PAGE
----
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With no chance for success, you would not hunt. Without the prospect of failure hunting would have no merit. I don't hunt to kill, I kill because I hunt. Remember a moderate hit is lots more effective than a high powered miss. Best of luck.

Tuesday, June 19, 2018

Anesthetic Hallucinations

Hello/Buenos Dias Friends/Amigos,

I was recently in the hospital for a heart procedure {8 days ago}.  It went well and the Dr. told me to take it easy for 10 weeks.  What is easier than shooting chizzlers?  Bounty Hunter 6 took me to "rehab" today in Iron County, Utah.  He set up the squirrel-o-matics in the back of his truck.  He handled my rifle and backpack for ammo and peanuts.  All I had to do was load magazines and take aim, gently press the trigger while holding a steady X on the vermin stealing the farmer's profits and wait for the reaping to begin.  It was a great day at "rehab"!  We took maybe 250 - 300 profit bandits out of the field permanently.  We started reaping at 9:30 a.m. and shot until noon.  We had a great time and the wind didn't really play a factor in our shooting.  Bounty Hunter 6 was using his good ol' .17 HMR explod-o-matic Savage HB and I used my HB Savage .22 lr.  Great fun with a great guy and I actually feel better this evening.  I hope we can go to rehab again tomorrow.

In regard to the Title of this Post --   I don't drink or do drugs so the anesthetic hits me pretty hard and quick.  The anesthesiologist Dr. said he was going to give me a shot in my I.V. to calm me down and it may feel a little cold.  That is the last thing I remember for five hours until the hallucination came floating over me.  Kind of a different reaction to the medicine but kind of entertaining.  I kind of was dreaming of hunting zebras when I was coming down from my anesthetic.  Let me show you the picture.

Tuesday, June 5, 2018


I tip-toed into Tonapah and found a secret entrance to area 51 for truly exotic chizzler hunting. I could only see a few creatures far off in the hazy distance.

I put on the 'stock' of all stocks and got to within 300 yards of this old herd bull chizzler exotic.  I settled in on my bi-pod and ever so gently pressed the trigger. My scope picture was maxed out. The exotic was at the very bottom of my verticle crosshair. I could just see his eyelashes at the very bottom of the sight picture.  When the rifle went off I didn't know if my shot was true. I continued my stock closer and closer assuming the animals had not bolted away.

When I got close enough for bare eyeball view I could see this old rascal laying down for the glow-in-the-dark dirt nap. What a stock, what a shot, what a beast!  My only trophy is this photo.  Just how could I explain to the armed guards about carrying out my mountable chizzler herd bull while hunting in restricted area 51?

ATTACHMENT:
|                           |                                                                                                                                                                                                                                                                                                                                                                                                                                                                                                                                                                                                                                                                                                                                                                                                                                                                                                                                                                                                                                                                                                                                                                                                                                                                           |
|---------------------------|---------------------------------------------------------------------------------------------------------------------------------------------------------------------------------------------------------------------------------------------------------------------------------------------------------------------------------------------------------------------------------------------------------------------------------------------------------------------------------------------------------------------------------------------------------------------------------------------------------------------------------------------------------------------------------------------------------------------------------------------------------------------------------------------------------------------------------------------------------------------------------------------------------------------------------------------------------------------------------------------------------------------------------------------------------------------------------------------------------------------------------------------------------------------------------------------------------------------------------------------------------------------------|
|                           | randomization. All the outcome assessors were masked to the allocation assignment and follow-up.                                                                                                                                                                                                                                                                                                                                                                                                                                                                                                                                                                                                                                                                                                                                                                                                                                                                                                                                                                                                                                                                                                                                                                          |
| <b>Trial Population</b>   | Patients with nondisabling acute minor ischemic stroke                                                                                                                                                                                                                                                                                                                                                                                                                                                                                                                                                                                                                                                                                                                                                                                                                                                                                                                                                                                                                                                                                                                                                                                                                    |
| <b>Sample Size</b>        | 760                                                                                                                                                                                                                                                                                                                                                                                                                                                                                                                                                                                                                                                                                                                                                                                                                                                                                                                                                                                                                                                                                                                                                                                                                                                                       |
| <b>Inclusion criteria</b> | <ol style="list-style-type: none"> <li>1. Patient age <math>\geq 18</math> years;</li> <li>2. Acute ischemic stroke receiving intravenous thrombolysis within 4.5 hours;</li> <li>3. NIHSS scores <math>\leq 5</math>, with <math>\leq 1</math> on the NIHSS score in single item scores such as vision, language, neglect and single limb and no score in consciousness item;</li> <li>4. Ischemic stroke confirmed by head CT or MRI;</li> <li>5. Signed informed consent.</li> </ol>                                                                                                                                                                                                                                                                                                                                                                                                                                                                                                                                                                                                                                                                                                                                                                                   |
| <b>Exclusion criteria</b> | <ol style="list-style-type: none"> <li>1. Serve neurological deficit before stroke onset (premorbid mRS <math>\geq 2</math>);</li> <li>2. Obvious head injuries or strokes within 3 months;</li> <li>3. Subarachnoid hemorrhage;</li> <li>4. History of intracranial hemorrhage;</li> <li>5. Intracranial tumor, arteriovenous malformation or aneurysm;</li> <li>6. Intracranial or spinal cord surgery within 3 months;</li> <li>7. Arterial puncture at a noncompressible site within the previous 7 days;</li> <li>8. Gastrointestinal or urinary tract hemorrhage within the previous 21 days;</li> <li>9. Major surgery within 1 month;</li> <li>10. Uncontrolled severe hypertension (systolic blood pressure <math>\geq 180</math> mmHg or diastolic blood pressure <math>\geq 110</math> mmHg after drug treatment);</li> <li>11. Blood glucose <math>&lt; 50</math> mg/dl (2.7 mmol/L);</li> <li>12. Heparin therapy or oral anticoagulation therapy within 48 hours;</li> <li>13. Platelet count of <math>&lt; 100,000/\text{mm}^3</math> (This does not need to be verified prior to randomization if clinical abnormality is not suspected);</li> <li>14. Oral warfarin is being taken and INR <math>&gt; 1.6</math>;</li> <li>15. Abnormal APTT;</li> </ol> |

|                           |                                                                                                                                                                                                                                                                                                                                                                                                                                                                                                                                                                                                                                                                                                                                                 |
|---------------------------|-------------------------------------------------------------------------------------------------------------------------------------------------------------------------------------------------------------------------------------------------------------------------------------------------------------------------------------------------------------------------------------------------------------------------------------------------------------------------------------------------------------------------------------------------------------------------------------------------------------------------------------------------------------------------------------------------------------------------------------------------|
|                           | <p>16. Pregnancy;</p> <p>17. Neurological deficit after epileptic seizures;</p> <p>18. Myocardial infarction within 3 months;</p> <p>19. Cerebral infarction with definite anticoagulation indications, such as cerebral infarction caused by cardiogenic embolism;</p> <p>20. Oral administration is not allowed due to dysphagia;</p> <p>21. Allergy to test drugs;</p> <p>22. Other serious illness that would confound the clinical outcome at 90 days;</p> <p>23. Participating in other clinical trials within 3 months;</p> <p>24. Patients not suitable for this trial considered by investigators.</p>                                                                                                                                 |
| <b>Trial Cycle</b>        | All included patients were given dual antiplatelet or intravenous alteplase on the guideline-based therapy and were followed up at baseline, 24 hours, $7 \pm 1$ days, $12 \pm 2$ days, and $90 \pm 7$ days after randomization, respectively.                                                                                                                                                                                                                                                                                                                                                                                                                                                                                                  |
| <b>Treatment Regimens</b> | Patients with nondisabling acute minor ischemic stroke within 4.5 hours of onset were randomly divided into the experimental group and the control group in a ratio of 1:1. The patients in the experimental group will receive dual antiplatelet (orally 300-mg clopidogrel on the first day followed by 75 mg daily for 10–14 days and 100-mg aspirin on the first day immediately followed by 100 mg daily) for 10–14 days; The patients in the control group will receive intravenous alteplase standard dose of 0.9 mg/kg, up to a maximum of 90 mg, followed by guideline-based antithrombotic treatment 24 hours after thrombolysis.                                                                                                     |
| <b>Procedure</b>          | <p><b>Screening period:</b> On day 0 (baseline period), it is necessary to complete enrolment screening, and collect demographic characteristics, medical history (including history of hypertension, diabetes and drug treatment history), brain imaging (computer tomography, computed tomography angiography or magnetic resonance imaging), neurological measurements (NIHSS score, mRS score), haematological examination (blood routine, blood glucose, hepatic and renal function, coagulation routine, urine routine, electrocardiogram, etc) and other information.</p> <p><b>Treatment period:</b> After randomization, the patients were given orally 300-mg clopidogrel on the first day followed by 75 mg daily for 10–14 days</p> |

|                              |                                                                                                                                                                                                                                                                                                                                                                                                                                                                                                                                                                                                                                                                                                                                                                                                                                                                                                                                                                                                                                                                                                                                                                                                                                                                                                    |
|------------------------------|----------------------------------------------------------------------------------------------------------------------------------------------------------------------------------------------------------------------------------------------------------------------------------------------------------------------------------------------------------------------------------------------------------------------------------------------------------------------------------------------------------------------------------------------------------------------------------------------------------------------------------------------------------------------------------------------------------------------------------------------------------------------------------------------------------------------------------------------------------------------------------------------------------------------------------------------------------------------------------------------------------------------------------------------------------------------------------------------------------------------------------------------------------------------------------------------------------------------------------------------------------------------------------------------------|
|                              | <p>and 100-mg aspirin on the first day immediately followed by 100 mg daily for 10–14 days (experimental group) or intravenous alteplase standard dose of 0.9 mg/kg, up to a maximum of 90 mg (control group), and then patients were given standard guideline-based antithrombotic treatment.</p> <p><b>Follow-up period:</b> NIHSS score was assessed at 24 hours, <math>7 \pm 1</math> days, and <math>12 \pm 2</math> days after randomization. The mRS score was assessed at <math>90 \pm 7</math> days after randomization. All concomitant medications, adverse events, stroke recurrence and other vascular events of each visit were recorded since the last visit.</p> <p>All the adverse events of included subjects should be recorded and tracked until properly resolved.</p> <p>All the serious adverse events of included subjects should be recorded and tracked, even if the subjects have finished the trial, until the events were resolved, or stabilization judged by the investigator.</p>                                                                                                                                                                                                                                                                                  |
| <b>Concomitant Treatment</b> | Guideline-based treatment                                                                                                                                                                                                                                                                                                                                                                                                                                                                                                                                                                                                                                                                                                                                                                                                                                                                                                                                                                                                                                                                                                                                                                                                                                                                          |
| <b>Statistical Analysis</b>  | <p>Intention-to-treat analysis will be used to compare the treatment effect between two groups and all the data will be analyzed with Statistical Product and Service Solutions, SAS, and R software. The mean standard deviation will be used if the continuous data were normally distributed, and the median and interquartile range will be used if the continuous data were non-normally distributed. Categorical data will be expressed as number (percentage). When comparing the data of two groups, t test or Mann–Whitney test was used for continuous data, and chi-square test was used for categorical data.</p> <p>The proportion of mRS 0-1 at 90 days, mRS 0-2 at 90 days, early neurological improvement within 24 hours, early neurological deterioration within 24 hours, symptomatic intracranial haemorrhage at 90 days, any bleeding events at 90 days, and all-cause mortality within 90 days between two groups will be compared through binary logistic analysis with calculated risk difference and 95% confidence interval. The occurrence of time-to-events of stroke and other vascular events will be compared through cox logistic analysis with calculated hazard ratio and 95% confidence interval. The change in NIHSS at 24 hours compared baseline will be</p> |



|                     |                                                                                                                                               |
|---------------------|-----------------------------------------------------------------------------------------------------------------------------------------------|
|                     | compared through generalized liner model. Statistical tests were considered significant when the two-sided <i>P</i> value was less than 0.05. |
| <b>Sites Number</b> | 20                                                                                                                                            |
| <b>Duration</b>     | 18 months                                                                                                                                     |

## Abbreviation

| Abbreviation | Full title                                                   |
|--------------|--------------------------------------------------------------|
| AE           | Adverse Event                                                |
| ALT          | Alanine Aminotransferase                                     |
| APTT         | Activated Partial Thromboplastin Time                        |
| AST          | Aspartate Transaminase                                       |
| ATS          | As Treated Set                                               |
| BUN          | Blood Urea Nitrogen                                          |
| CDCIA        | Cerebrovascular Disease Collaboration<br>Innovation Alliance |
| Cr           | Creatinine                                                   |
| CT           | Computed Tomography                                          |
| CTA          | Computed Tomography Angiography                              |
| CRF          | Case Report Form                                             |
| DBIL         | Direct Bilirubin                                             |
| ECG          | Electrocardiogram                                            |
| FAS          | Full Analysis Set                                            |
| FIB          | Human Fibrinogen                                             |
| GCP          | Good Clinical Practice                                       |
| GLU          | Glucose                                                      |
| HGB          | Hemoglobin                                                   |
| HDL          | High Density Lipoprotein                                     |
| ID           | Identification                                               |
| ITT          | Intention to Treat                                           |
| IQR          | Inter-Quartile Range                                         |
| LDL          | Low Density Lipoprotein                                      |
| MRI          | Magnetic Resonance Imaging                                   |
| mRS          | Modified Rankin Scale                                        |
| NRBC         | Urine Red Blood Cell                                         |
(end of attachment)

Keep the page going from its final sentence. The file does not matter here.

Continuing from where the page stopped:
I will never forget. The photo is my proof.

Monday, April 2, 2018


The Supreme Commander retired from teaching little monsters and/or second grade students for 24 years last May.  She had some health issues to address and now is feeling pretty darn good.  I asked her if she wanted to go shoot chizzlers on March 29th.  She said YES!

We went up to Iron County and found a few old pals, Bounty Hunter 6, Mr. Bob, et.al, in a good field laying waste to vermin de jour.  We greeted them and then went to the north about a mile to not be in their way.  We set up the squirrel-o-matic on a circular pivot irrigated field and started to do our duty to protect agricultural profits.  NOTE:  The Supreme Commander grew up on a cattle ranch in Idaho and is well accustomed to the problems of finding profit in agriculture.  She doesn't have an issue at all with reaping chizzlers to increase alfalfa yields.

For the first 15 or 20 minutes the S. C. was having a tough time seeing the little rascals. They are indeed well camouflaged.  Unless they are moving, at times they seem to disappear.  Finally, we {she} got the vermin in the 3-9X scope.  We started laying waste to them.  There was not really much conversation due to the quantity of targets presenting themselves.  We shot .22LR rifles with scopes and were shooting pretty much as fast as we could load magazines.  We shot for about 2 1/2 hours going through about 500 rounds of ammo. and I said "maybe it is time to roll up and leave".  She quickly and specifically said "I am not ready to leave yet".  She was having a great time.  We shot for about another hour.  Finally we were at the point were the chizzlers were thinning out.  We decided to take a couple of photos and head home.